Colin Dunbar, a former track and field star at Long Beach State, is really good at throwing things.
For a decade, Dunbar has been perfecting his throws in shot put, discus, javelin and hammer. Twice, he has competed in the Olympic Trials in the hammer throw. And in 2016 he won the 35-pound weight throw at the USATF Indoor Championships.
Dunbar is of Scottish descent—“The story goes that my grandfather is the bastard son of Scottish royalty”—and given his athletic ability, one might think he was born to compete in the Highland Games, which takes place this weekend, Feb. 16 and 17, at the Queen Mary as part of its annual ScotsFestival. It looked that way in 2017 when, taking part in his first Highland Games, he won six out of the eight events he entered.
Still, he admits that he’s not good at everything.
“I still am just terrible at caber and the sheaf.”
The caber toss, perhaps the best known Highland event, involves a competitor hoisting a long log, resembling a telephone pole, vertically and then running forward and tossing it in an attempt to flip it end over end. Easier said than done—or practiced.
“It’s not like you can just walk into the forest and cut down a tree to train in Southern California,” Dunbar said.
He takes the competition very seriously and says he really fell in love with the environment surrounding the games. The Highland Games are Scottish heavy athletics, games that were traditionally held in Scotland as a way of testing strength, skill and the technique of ancient Scottish warriors.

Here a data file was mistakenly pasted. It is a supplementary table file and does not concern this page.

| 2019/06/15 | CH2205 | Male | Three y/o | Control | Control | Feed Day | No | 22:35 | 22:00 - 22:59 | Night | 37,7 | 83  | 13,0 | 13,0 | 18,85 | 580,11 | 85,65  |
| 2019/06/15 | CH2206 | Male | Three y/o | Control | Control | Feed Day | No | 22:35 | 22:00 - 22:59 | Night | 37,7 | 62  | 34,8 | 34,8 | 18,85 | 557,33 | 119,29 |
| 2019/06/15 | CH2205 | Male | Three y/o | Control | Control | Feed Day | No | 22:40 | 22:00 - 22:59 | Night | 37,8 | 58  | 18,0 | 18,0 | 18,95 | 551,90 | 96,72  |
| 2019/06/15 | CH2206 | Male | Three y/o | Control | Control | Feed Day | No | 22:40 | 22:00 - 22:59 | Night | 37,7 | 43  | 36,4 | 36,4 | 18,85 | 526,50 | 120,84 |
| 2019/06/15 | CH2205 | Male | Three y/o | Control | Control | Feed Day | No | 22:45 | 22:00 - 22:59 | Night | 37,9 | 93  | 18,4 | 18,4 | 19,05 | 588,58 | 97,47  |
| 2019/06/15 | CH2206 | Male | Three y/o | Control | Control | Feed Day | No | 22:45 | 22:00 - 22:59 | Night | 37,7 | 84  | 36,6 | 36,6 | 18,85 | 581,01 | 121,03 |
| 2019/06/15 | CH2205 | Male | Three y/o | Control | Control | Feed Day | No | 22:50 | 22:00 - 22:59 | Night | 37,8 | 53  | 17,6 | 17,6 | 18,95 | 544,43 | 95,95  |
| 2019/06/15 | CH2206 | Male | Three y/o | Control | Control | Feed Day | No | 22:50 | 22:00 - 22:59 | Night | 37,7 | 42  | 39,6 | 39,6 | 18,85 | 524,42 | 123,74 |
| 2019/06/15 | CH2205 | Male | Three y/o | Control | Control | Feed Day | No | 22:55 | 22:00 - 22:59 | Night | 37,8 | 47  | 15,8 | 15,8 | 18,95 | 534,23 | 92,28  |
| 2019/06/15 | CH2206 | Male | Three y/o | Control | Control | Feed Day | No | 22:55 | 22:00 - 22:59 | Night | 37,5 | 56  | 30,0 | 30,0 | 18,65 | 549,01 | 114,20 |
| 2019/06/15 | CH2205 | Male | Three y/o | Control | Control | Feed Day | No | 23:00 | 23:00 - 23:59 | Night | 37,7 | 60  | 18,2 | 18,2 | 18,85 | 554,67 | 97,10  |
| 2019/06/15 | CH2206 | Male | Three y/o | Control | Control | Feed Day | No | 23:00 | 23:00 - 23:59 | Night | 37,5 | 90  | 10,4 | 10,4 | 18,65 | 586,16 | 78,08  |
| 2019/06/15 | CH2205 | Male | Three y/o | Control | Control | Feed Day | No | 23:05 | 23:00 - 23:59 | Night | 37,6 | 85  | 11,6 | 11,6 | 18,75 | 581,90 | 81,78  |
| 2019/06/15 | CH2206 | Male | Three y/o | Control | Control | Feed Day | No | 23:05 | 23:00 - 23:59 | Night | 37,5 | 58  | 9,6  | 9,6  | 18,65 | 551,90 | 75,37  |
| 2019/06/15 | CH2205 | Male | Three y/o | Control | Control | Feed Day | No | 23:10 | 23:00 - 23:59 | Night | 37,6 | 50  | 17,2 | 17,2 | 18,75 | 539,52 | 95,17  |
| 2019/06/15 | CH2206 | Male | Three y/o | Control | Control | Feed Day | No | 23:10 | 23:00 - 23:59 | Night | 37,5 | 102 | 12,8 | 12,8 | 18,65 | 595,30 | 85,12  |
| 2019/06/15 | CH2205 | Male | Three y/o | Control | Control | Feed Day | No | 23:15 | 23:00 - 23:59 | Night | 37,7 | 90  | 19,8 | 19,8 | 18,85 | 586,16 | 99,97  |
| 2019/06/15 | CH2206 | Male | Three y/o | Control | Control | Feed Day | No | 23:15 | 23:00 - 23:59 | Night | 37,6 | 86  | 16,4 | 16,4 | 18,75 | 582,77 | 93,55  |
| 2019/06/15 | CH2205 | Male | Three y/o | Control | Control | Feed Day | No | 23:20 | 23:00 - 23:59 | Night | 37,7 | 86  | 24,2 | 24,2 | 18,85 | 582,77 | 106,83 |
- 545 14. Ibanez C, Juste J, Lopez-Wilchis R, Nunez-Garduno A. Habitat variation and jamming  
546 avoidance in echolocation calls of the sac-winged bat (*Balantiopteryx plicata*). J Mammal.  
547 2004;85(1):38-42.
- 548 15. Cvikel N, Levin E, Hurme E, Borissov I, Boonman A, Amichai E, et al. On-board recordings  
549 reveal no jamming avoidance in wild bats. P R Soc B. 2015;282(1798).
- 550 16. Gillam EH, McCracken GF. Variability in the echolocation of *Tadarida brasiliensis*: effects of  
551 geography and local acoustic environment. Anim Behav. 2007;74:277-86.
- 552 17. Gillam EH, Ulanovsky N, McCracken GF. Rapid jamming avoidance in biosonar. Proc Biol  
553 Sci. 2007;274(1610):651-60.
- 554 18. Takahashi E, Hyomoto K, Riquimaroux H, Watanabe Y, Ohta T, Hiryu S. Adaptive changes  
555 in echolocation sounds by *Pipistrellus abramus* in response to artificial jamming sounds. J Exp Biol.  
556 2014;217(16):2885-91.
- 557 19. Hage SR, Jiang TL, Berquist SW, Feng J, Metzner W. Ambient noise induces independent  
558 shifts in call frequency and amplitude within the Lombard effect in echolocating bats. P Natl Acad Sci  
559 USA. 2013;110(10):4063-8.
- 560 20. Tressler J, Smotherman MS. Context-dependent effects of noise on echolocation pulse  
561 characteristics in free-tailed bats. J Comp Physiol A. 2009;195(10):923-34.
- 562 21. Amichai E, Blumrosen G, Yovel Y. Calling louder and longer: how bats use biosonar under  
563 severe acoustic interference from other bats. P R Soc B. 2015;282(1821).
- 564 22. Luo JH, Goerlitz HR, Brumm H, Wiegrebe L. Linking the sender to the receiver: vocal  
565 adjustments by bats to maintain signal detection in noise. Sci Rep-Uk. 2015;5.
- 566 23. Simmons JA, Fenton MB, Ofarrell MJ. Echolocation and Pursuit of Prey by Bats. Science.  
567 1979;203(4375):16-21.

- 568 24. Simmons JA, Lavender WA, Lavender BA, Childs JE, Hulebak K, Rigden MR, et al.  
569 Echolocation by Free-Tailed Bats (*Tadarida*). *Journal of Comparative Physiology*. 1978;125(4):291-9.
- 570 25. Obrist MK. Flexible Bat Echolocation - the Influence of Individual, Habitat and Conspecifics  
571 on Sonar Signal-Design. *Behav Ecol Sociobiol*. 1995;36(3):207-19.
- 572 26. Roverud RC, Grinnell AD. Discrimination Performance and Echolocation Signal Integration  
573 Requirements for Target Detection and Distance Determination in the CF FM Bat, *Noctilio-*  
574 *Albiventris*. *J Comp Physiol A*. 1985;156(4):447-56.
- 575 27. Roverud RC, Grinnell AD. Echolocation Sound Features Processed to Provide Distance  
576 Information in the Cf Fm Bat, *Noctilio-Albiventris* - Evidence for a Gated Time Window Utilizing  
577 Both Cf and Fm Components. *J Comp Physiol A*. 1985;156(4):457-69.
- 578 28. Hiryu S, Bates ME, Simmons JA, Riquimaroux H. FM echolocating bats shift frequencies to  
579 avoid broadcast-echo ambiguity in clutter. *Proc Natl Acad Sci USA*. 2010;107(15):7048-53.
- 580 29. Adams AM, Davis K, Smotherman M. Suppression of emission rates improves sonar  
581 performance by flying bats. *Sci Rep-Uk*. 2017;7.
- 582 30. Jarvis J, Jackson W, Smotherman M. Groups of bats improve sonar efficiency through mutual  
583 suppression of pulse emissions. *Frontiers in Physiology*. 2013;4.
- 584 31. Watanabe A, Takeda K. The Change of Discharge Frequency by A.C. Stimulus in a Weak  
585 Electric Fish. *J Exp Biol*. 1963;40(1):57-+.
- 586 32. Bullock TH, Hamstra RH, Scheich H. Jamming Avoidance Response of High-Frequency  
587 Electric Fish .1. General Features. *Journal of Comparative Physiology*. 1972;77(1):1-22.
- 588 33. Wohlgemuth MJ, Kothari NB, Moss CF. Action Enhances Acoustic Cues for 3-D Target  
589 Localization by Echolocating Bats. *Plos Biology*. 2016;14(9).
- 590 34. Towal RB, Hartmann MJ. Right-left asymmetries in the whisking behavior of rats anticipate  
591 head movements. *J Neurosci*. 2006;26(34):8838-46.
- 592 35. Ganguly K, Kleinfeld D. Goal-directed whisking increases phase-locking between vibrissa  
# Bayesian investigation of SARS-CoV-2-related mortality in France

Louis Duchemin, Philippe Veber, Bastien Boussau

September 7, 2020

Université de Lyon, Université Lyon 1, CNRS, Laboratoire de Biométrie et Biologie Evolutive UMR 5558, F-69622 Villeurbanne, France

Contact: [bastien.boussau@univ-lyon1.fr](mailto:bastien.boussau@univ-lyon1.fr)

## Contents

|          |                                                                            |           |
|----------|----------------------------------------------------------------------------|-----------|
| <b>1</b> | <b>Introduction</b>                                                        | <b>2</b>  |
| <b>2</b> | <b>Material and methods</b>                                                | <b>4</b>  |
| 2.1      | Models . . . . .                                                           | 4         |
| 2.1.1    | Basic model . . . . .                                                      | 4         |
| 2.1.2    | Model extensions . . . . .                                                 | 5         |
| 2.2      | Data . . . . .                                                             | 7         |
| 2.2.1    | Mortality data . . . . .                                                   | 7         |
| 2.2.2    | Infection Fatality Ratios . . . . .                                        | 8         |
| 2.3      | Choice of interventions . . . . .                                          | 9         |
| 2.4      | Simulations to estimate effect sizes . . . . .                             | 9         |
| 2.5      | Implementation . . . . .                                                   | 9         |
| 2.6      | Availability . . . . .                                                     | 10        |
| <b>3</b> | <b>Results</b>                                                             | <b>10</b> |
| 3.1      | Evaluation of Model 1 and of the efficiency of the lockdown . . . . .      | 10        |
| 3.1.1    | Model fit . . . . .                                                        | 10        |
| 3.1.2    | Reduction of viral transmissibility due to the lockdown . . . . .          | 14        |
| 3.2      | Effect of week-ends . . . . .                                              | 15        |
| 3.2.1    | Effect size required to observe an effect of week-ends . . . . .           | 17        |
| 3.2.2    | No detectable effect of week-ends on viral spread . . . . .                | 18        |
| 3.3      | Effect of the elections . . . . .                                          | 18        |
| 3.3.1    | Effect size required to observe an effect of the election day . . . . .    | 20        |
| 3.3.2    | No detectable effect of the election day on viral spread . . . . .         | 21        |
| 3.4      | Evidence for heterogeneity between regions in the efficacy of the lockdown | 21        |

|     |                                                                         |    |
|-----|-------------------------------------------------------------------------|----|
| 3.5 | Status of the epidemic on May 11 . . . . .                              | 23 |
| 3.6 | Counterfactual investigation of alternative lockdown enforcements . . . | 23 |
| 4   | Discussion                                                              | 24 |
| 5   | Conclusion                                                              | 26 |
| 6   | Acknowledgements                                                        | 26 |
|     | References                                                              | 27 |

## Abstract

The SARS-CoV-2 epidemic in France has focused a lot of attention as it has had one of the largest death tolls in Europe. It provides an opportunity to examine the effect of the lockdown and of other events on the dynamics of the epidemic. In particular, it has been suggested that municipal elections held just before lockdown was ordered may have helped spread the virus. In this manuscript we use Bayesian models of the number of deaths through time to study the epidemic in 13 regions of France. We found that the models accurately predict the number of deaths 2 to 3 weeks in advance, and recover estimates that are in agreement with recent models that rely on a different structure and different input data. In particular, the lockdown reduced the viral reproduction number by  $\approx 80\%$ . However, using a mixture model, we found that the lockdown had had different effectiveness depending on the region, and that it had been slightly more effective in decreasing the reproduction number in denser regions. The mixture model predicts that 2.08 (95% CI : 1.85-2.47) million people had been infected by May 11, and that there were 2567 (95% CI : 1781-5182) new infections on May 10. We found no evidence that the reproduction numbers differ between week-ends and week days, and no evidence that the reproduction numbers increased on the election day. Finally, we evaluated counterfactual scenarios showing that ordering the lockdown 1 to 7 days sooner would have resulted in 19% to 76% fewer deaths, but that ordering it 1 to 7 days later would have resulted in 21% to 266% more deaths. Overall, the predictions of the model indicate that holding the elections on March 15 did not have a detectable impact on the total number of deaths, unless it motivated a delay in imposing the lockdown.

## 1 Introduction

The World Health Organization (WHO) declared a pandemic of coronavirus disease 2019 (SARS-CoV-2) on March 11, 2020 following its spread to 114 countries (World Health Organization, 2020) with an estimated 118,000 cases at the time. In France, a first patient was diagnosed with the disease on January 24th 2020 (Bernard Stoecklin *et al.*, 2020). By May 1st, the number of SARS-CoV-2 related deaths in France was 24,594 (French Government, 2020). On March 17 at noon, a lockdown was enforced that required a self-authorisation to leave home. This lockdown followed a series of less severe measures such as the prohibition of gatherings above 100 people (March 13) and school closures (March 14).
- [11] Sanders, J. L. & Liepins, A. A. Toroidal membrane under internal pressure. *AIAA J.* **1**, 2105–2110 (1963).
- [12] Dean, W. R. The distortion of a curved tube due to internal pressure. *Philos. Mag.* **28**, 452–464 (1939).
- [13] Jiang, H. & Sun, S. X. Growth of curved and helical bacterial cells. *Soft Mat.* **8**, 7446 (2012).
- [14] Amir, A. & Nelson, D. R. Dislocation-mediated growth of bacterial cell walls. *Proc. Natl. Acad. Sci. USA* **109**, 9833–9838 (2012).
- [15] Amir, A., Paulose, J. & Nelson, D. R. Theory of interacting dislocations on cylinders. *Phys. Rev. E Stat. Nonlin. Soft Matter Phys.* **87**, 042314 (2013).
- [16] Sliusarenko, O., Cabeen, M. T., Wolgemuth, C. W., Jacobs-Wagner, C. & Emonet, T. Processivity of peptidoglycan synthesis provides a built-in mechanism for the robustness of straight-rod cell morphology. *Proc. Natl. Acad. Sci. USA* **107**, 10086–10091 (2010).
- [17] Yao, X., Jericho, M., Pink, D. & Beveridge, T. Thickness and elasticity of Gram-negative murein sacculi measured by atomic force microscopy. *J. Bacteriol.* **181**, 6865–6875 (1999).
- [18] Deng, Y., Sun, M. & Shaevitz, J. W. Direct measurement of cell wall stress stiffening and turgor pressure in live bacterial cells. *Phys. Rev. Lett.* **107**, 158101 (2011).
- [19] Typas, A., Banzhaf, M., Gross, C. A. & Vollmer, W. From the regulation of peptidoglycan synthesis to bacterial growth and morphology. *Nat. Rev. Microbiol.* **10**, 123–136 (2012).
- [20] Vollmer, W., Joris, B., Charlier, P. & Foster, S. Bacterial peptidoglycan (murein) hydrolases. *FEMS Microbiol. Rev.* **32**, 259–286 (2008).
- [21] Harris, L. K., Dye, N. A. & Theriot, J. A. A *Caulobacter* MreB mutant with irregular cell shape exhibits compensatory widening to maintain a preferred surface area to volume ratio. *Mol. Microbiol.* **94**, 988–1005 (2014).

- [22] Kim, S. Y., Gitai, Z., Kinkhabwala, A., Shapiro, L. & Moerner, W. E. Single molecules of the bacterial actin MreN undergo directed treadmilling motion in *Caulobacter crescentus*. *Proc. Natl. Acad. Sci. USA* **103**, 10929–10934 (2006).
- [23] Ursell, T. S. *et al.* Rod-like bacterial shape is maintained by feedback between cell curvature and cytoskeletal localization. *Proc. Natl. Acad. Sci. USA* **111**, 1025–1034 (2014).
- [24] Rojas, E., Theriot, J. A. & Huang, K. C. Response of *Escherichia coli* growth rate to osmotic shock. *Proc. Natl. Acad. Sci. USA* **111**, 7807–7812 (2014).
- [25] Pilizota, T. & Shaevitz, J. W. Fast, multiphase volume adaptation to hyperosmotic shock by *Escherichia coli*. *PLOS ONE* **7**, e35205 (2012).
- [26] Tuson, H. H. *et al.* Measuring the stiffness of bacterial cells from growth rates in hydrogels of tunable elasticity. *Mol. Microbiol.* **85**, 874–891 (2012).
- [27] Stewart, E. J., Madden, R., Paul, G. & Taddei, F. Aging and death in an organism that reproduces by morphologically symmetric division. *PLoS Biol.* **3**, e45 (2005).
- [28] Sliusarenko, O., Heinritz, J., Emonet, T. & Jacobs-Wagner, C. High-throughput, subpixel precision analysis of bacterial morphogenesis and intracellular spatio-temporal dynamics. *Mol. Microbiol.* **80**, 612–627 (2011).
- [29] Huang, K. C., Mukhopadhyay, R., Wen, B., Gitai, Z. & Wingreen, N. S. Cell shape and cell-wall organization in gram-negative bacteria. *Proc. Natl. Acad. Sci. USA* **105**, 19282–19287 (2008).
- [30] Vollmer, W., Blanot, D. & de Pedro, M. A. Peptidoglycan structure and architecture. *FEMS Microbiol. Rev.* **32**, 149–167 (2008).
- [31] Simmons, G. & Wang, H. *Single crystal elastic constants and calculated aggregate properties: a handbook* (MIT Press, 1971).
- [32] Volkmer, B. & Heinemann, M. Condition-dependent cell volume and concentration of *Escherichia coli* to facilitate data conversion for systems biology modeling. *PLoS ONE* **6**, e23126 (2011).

Most of what is known to have become emblematic of Scotland, such as bagpipes, the kilt and the heavy athletic events come straight from the Highland Games. And the Queen Mary’s ScotsFestival and International Highland Games is everything Scottish, from whiskey tasting to competitive bagpiping.
Throughout the weekend there will be tons of traditional Scottish dishes sold by vendors, border collies will show off their sheep herding abilities and even the wee laddies and lassies will get a chance to participate in a wee version of the Highland Games.
(If you’re wondering why the Queen Mary hosts the ScotsFestival, it’s because the ship’s heritage traces back to Clydebank, Scotland in 1930, where its construction first began.)
“It’s cool to have that many people in that kind of environment where there’s loud music and so much going on around the field surrounding you,” Dunbar said. “There’s really no other sporting event like it. These festivals are like a circus, and people, when they are at the circus, want to see the circus animals. We are the circus animals.”
The Queen Mary’s ScotsFestival and International Highland Games takes place Feb. 16 and17 from 9 a.m. to 6 p.m. Tickets are on sale now and start at $25 (ages 12+) and $12 (ages 4-11), for one-day general admission. Click here for more details and to purchase tickets online.
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